A panel of care leaders has given its verdict on funding support from local authorities during the COVID-19 crisis.
The assessment of local authority and CCG support came during a discussion of social care spending during yesterday’s Care Virtual Summit.
Majesticare COO, Angela Boxall, said there had been “not a lot” of additional support from local authorities or CCGs during the crisis, although one local authority had promised to refund PPE costs.
The COO said relationships with local authorities had “got a bit stronger” and there had been more verbal support.
UKHCA Policy Director, Colin Angel, singled out Hertfordshire County Council (HCC) as being “head and shoulders above the rest” for trying to get money out to the sector quickly during the crisis.
While echoing praise of HCC, Professor Martin Green OBE, CEO of Care England, said local authorities in general were a “law unto themselves”, and had no accountability for their actions. Martin said only half a billion of the £2.2bn funding promised to care providers had got through to the frontline, adding there would need to be a system to ensure that local authorities behave properly and effectively in the future.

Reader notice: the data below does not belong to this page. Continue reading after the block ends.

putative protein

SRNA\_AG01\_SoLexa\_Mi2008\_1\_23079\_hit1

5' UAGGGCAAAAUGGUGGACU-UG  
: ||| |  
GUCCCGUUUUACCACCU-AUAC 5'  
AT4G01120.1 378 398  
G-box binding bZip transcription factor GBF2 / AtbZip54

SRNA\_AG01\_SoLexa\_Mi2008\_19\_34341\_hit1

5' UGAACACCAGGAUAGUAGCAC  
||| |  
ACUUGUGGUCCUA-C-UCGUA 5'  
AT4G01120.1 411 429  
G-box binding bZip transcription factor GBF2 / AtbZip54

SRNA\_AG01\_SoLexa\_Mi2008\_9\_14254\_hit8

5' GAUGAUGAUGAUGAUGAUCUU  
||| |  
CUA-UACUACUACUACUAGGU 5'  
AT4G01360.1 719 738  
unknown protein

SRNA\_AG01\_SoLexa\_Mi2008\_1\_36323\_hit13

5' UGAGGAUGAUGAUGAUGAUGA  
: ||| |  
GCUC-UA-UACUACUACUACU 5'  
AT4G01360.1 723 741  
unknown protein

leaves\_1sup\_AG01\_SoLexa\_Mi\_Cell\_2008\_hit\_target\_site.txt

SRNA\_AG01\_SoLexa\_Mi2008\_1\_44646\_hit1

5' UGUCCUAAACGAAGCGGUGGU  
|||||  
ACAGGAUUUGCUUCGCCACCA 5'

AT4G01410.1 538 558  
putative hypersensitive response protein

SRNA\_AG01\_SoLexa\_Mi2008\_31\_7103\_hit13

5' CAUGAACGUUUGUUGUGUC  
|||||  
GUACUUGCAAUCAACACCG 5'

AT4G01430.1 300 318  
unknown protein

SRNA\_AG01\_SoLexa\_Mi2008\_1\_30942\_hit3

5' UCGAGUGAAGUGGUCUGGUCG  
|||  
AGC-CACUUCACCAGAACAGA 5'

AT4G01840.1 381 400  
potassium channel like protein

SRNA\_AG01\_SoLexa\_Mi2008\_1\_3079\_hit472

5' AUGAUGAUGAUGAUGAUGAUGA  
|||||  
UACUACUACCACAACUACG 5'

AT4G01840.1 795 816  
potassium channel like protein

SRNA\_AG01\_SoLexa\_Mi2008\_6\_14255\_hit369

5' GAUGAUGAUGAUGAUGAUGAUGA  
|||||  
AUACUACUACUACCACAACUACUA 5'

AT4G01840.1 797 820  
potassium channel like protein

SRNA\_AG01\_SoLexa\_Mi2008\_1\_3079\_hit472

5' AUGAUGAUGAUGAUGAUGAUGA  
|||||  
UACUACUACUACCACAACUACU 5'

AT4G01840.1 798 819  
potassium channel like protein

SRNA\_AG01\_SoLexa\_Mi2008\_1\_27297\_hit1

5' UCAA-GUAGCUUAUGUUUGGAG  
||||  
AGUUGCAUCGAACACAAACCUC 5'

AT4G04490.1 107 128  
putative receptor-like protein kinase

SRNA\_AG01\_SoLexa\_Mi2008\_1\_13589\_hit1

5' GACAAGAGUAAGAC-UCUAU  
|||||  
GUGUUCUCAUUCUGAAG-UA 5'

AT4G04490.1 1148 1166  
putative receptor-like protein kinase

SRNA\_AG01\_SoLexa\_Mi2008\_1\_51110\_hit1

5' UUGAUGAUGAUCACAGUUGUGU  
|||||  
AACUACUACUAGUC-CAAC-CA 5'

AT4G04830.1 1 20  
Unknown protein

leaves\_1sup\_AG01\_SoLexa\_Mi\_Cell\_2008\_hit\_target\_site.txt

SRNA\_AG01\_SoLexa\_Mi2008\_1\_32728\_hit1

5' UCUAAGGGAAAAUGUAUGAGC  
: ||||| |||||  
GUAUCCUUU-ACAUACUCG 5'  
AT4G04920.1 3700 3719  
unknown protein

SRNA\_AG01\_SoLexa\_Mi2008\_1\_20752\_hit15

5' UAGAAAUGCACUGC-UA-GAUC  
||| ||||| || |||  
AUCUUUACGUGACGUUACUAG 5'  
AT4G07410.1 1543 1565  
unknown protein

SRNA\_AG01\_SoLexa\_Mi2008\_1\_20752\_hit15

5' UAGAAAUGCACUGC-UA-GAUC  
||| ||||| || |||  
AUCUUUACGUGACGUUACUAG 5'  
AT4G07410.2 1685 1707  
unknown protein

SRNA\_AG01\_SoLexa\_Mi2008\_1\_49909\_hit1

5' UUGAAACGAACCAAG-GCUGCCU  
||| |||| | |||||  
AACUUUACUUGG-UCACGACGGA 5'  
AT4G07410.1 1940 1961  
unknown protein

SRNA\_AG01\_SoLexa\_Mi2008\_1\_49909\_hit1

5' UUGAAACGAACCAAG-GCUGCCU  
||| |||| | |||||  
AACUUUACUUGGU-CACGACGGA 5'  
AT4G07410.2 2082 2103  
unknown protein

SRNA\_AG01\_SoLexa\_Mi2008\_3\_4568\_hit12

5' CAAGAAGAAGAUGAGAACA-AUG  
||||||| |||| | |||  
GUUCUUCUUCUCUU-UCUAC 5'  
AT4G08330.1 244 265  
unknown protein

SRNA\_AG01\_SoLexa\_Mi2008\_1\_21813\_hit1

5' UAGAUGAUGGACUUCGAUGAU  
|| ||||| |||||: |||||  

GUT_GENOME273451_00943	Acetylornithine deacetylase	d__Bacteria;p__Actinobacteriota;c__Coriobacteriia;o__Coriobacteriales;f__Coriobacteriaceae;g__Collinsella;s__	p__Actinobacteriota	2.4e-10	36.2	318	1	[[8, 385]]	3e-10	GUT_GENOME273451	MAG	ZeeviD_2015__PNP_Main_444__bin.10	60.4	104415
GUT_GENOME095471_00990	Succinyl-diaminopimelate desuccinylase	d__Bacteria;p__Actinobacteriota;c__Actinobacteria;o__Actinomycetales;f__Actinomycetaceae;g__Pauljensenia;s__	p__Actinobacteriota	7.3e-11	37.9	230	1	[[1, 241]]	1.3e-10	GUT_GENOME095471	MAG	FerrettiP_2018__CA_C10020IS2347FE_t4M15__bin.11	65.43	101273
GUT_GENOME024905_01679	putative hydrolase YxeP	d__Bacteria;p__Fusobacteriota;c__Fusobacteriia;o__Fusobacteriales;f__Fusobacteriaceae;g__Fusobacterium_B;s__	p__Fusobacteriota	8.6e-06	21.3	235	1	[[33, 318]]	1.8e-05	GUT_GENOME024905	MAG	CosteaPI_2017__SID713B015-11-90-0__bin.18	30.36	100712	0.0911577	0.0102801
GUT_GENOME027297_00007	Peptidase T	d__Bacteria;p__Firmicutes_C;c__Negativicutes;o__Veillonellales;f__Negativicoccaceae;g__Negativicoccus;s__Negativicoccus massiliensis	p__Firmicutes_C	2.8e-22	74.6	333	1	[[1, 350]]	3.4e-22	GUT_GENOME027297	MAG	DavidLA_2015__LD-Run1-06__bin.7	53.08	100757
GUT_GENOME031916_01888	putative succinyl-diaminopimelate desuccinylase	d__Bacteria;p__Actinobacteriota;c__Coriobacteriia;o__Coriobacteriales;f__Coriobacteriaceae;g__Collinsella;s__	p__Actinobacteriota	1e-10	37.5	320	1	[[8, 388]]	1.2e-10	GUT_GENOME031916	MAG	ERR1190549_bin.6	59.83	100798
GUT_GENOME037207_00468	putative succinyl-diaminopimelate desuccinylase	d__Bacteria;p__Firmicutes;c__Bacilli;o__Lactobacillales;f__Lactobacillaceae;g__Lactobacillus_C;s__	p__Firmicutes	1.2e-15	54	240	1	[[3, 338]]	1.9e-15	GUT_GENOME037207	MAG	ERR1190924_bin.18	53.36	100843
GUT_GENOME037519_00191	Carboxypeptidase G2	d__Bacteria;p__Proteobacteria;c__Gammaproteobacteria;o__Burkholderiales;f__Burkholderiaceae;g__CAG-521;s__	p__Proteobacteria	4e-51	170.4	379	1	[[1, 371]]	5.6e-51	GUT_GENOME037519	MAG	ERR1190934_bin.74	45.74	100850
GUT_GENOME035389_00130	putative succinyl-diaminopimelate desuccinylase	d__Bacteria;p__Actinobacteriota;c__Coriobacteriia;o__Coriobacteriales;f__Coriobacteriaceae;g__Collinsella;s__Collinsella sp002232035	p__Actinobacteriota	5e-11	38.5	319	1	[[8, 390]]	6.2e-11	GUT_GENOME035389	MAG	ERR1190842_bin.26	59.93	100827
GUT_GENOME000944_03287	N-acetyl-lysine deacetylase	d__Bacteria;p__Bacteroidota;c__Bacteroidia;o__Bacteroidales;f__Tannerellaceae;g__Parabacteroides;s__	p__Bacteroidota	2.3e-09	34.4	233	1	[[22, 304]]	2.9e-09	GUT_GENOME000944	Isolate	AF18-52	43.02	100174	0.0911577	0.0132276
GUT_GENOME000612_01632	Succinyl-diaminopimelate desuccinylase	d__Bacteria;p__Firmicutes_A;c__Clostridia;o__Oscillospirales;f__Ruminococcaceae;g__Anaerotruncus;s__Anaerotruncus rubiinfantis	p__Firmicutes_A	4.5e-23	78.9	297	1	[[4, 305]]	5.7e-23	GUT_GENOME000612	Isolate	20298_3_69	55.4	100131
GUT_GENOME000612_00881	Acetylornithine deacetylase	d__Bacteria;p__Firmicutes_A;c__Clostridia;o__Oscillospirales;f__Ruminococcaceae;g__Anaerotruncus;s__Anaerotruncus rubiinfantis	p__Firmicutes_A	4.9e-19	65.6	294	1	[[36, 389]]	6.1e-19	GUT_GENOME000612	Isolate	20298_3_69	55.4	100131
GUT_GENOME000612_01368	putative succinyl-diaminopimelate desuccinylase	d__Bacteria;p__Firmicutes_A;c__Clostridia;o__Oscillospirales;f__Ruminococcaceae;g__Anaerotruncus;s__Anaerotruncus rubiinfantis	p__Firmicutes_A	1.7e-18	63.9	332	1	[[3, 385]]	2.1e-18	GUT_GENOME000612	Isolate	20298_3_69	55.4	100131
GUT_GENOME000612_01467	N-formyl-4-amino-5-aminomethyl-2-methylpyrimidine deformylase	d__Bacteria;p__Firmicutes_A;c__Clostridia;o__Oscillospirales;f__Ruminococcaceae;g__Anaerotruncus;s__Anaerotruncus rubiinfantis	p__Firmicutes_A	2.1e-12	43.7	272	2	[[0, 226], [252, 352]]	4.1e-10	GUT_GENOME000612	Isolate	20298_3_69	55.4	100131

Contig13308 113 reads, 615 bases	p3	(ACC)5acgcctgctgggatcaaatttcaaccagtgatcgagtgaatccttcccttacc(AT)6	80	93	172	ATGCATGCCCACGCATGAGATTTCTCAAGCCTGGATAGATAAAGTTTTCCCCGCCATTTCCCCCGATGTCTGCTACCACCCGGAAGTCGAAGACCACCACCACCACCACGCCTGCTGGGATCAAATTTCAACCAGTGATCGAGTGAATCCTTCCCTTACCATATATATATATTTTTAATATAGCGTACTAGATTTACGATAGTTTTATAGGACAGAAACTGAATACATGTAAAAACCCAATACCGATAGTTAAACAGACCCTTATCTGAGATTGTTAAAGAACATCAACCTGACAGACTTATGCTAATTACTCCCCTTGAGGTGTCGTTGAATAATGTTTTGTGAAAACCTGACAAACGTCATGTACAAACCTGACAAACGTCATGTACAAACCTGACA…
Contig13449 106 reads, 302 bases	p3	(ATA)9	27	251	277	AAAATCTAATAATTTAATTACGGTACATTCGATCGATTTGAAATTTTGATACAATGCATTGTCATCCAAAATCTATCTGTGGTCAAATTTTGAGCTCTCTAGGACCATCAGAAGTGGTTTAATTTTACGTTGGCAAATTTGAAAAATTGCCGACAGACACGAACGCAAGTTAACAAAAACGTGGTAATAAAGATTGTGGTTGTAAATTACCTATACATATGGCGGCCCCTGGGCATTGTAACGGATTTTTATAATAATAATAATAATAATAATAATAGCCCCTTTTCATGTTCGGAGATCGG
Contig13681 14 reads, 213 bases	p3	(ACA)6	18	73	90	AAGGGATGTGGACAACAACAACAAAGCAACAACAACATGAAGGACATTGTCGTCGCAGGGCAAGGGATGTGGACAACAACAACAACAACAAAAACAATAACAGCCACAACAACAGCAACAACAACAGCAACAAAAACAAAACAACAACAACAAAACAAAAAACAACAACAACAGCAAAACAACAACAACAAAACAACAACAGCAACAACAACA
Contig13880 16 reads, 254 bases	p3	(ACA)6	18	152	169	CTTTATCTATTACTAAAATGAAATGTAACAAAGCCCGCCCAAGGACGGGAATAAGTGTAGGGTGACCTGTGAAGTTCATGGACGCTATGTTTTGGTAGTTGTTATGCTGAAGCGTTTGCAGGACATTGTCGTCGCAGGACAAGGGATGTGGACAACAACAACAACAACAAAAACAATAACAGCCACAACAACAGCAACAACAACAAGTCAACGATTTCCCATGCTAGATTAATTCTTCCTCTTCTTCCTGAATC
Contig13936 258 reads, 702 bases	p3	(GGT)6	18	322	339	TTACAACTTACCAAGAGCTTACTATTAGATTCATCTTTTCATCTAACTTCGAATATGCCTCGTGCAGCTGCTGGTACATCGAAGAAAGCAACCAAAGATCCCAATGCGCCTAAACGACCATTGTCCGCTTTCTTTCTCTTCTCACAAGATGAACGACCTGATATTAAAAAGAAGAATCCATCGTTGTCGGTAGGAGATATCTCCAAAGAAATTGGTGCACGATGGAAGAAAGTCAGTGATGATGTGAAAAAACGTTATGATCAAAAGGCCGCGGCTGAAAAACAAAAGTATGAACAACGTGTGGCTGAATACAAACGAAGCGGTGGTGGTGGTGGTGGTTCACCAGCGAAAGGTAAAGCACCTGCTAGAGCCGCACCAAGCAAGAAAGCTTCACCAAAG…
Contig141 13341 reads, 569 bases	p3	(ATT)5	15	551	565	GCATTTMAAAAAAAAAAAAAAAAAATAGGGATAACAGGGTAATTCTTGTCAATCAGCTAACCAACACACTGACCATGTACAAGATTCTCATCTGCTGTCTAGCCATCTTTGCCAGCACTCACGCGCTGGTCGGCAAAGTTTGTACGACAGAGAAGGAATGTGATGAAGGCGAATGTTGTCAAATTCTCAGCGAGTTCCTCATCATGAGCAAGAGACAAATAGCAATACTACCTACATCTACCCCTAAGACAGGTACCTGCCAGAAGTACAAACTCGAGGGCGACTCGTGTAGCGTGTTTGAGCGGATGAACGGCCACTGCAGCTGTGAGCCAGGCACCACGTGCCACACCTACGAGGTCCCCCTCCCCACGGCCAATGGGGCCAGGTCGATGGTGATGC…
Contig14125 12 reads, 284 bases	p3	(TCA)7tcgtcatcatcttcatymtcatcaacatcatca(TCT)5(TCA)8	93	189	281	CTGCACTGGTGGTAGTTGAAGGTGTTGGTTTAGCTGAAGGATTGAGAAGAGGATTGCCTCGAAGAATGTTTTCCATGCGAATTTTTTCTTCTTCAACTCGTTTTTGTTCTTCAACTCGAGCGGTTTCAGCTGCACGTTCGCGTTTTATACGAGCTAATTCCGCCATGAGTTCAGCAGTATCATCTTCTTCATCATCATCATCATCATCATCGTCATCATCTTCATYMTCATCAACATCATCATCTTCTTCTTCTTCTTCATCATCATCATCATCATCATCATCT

Agincare Group CEO, Raina Summerson, was more positive about local authority support commenting that most had provided an uplift in funding during the crisis. She said the level of local authority support had been “much better” than that provided by CCGs who had failed to match the NHS rhetoric of being fully behind social care.
The issue of funding was a central theme of the day-long event and featured heavily in an impassioned defence of the sector by Advinia Healthcare chair, Dr Sanjeev Kanoria.
Dr Kanoria said local authority funding of the sector was “dismal” with social care spending having dropped by 50% in real terms over the last decade.
“The care system that entered the pandemic was underfunded, understaffed, undervalued and in need of urgent reform,” Dr Kanoria said.
The Advinia chair said underfunding of social care was causing “collateral damage” in the NHS with a “well-funded and well-supported social care system fundamental to a well performing NHS”.
Dr Kanoria said: “COVID has underlined how precarious the current funding system is.”
The care leader ending by calling for an increase in care home funding to £1,000 per week as well as a VAT exemption for capital expenditure and goods, and consideration of a pension style individual contribution system for long-term funding of the sector.